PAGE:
TALLAHASSEE — As Florida Power & Light began pursuing an increase in base electric rates this year, a new group, Floridians Against Increased Rates, emerged to oppose the utility.
That has led to battles at the state Public Service Commission about whether the group, dubbed FAIR, should be able to take part in the high-stakes rate case and whether information about its members should be made public.
The commission on Wednesday will wade into part of the fight, as FAIR seeks to keep confidential certain information submitted to the commission about its members, such as names, mailing addresses and email addresses. Commission Chairman Gary Clark last month rejected the confidentiality request, but FAIR wants the full commission to reconsider his decision.
FAIR contends that the information is a trade secret and that disclosure could harm its members.
“FAIR submits that the commission should consider the harms that would result from disclosure of its members’ personal information, which FAIR again believes and asserts is clearly ‘sensitive personally identifiable information,’” the group’s attorneys wrote in an Aug. 16 document. “From the perspective of FAIR’s members, disclosure of their mailing addresses, email addresses, and telephone numbers would be equivalent to giving away FAIR’s mailing list, which would expose FAIR’s members to being peppered with unwanted emails or regular mail, or telephone calls, by persons who would otherwise be wholly unauthorized to know this information or their status as FAIR members.”
But in a recommendation for Wednesday’s meeting, commission staff members said the regulatory panel should not reconsider Clark’s decision to turn down the confidentiality request and pointed, in part, to the state’s public-records law. The recommendation said state law provides a public-records exemption for trade secrets but that FAIR had not adequately made its case.
“Staff believes that FAIR’s mere assertion that its membership roster comprises FAIR’s trade secret information is not enough to persuade the commission to grant confidential classification as requested,” the request said. “Staff believes that FAIR has failed to provide any details which demonstrates how the documents contain information relating to trade secrets and competitive interests, the disclosure of which would impair the competitive business of the provider of the information.”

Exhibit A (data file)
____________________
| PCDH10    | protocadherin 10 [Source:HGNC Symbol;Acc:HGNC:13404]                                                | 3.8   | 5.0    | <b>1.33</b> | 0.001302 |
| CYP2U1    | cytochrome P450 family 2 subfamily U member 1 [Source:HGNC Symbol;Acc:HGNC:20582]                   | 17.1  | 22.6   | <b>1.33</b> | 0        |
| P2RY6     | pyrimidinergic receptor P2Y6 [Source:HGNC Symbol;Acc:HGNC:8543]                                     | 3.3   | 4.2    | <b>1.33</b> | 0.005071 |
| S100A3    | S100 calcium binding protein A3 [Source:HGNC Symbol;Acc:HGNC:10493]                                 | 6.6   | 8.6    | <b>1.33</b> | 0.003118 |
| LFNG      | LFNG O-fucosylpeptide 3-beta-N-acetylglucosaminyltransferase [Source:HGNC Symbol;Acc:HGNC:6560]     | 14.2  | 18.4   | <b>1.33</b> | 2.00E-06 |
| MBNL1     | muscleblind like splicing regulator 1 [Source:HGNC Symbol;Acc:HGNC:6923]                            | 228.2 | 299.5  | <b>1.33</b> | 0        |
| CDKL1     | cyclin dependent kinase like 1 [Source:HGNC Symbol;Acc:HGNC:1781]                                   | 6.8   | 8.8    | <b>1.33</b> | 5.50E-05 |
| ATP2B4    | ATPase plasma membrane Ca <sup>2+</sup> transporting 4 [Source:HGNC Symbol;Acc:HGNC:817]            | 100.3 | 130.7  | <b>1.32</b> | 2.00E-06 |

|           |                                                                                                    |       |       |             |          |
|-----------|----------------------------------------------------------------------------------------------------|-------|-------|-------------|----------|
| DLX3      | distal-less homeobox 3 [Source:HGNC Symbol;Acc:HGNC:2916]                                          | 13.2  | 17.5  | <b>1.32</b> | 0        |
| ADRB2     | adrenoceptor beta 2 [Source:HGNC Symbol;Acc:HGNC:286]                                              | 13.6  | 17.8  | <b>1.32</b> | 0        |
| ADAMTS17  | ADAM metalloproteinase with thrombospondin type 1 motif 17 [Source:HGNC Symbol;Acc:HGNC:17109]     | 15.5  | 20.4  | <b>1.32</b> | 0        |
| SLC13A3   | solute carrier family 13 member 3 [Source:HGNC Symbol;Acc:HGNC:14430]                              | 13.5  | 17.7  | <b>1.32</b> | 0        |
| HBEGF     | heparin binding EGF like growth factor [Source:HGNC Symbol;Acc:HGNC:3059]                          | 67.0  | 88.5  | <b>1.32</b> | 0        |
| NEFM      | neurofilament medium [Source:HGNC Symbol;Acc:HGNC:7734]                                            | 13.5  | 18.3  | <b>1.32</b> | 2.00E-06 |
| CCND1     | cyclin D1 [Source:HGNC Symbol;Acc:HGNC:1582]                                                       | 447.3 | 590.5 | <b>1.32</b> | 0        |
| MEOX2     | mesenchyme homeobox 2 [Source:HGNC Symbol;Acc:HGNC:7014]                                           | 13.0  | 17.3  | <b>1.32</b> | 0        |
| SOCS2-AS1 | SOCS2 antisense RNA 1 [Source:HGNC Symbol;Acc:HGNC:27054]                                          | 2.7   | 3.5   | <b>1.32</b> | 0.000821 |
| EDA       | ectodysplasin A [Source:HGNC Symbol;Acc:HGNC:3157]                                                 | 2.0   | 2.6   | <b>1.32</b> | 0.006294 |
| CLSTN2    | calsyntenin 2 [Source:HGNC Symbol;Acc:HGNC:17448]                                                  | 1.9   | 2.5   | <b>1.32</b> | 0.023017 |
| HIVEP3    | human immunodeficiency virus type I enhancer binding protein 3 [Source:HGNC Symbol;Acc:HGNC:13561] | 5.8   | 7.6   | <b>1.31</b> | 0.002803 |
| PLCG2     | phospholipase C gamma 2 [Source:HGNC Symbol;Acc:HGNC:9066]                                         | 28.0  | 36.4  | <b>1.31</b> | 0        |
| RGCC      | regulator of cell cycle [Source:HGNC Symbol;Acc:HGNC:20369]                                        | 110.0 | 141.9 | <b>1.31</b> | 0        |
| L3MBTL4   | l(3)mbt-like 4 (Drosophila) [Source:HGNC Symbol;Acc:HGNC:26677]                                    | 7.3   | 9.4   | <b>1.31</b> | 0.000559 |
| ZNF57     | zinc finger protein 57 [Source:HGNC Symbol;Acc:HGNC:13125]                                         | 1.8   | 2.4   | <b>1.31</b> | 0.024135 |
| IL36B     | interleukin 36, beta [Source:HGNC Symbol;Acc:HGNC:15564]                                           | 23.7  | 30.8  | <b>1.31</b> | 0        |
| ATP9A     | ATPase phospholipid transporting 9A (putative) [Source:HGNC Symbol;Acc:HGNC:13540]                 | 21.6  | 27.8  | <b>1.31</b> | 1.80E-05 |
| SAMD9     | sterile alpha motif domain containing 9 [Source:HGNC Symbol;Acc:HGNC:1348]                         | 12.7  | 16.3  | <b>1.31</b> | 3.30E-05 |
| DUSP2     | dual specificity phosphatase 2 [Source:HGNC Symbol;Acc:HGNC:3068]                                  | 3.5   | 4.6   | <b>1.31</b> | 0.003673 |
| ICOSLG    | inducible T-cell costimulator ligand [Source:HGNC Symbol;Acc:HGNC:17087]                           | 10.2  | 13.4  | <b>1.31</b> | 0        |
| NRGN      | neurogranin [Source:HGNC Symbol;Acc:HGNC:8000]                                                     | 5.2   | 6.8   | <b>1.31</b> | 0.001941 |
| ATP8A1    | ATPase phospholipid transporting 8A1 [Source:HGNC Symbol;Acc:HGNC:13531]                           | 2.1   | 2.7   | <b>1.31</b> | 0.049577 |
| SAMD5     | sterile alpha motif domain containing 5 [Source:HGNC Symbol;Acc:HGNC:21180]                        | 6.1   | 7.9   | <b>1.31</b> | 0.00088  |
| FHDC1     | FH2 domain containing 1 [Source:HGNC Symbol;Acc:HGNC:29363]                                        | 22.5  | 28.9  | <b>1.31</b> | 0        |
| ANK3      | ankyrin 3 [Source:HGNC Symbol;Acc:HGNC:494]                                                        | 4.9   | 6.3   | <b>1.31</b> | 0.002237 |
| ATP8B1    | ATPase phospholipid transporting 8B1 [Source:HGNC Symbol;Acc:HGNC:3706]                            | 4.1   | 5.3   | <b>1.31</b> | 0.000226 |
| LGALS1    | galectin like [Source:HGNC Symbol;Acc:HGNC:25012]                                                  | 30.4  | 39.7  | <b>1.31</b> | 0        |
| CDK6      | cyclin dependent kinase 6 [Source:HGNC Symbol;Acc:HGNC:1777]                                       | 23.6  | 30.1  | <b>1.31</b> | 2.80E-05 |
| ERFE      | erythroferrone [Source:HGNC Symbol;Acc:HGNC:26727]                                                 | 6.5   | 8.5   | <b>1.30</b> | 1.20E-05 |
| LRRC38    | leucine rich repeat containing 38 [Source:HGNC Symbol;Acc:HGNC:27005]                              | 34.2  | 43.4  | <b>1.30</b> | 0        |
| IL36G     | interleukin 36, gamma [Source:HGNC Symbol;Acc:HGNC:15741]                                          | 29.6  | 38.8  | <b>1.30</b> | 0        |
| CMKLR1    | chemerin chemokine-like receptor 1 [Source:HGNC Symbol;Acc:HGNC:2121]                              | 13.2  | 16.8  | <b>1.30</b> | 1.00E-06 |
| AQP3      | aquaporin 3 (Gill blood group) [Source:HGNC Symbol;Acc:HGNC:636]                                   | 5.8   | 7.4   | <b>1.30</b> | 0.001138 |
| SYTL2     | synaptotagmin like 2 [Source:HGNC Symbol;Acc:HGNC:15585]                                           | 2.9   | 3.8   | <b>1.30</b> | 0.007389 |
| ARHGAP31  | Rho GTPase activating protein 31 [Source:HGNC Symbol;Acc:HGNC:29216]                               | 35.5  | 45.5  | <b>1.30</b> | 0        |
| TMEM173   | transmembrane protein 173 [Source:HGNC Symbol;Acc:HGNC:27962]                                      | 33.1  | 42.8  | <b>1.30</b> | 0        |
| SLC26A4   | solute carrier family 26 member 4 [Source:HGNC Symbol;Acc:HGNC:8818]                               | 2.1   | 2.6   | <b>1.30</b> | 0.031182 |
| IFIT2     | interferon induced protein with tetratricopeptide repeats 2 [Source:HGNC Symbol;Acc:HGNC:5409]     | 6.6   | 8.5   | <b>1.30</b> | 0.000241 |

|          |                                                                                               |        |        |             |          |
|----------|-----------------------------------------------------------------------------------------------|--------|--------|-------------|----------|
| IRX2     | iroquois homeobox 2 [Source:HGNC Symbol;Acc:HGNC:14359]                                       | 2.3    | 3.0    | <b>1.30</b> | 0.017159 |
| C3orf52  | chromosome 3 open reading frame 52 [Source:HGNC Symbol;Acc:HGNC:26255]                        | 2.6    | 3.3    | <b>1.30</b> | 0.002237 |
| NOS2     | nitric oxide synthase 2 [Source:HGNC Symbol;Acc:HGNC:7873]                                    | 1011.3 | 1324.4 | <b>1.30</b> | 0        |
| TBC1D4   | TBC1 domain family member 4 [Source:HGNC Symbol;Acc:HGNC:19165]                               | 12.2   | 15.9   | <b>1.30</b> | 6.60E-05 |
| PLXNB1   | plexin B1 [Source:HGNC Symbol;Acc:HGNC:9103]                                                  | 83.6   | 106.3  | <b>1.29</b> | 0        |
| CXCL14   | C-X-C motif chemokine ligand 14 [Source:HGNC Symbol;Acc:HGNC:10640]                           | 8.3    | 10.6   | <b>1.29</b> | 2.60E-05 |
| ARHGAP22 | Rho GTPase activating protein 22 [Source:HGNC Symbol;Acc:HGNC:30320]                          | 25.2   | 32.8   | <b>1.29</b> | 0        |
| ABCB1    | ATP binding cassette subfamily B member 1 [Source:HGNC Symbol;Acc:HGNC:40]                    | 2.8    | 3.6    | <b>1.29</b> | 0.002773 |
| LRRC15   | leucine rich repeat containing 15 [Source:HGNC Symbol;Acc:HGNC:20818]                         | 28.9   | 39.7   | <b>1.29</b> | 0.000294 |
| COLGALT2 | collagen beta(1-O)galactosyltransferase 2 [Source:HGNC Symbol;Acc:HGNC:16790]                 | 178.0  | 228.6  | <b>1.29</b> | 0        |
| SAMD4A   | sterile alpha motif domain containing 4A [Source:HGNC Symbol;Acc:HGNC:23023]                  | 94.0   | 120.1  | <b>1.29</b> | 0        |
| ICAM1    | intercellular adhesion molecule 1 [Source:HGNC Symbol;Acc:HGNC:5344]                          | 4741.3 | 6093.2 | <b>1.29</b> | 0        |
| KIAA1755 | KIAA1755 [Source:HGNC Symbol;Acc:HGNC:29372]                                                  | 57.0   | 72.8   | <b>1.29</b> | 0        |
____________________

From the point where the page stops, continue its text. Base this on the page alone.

The confidentiality issue is part of a broader dispute about FAIR as Florida Power & Light seeks approval of a proposed four-year settlement that would lead to base-rate increases for customers. The commission is scheduled Sept. 20 to start a multi-day hearing on the proposal, which includes proposed rate increases of $692 million in January and $560 million in 2023, with additional increases in 2024 and 2025 to pay for solar-energy projects.
The non-profit FAIR filed a motion to intervene in the case in May, and its leaders include two longtime Tallahassee players — Mike Hightower, a former Blue Cross and Blue Shield of Florida vice president and lobbyist and former board member of the JEA municipal utility in Jacksonville, and Tom Herndon, who, among other things, served on the Public Service Commission in the 1980s and later was head of the State Board of Administration, which runs Florida’s pension fund.
Another leader is Frederick Bryant, a former general counsel of the Florida Municipal Power Agency, according to a FAIR filing. FAIR’s lawyers include Robert Scheffel Wright, who has long represented clients at the Public Service Commission.
But FPL has fought FAIR’s participation in the rate case, calling it a “shell organization” and raising questions about its financing and membership. Also, it said FAIR’s leaders do not live in areas served by FPL and that the organization does not have an office or telephone number.
“FAIR’s assertion that it has members and is the functional equivalent of a traditional membership organization does not hold up under any scrutiny,” FPL attorneys wrote in a document last month arguing that FAIR does not have legal standing to participate. “It is a shell organization that is run and financed by a group of individuals who are not affected by FPL’s rate petition. FAIR was created so that these undisclosed individuals or interests could intervene and participate in this proceeding.”
FAIR, however, fired back in a filing and said it had more than 770 members as of July 25.
“FPL’s extensive attempts to cast aspersions on FAIR’s intentions are no more than name-calling distractions, veritable red herrings, irrelevant to FAIR’ s standing under applicable Florida law, and unsupported by any evidence whatsoever,” the filing said. “Besides touting minor aspects of FAIR’ s membership and operational structure ( e.g., no office and no telephone), FPL spews out conclusory allegations that are wholly unsupported by any factual evidence.”
Base-rate cases are perhaps the biggest issues decided by the Public Service Commission, and several other organizations also are taking part in the FPL case. The state Office of Public Counsel, which represents consumers in utility cases, and some organizations support the proposed rate settlement, while others oppose it.
The commission has put off a decision until after the hearing about whether FAIR has legal standing to participate. If the commission rules against FAIR, FPL is requesting that testimony and evidence submitted by the group be stricken.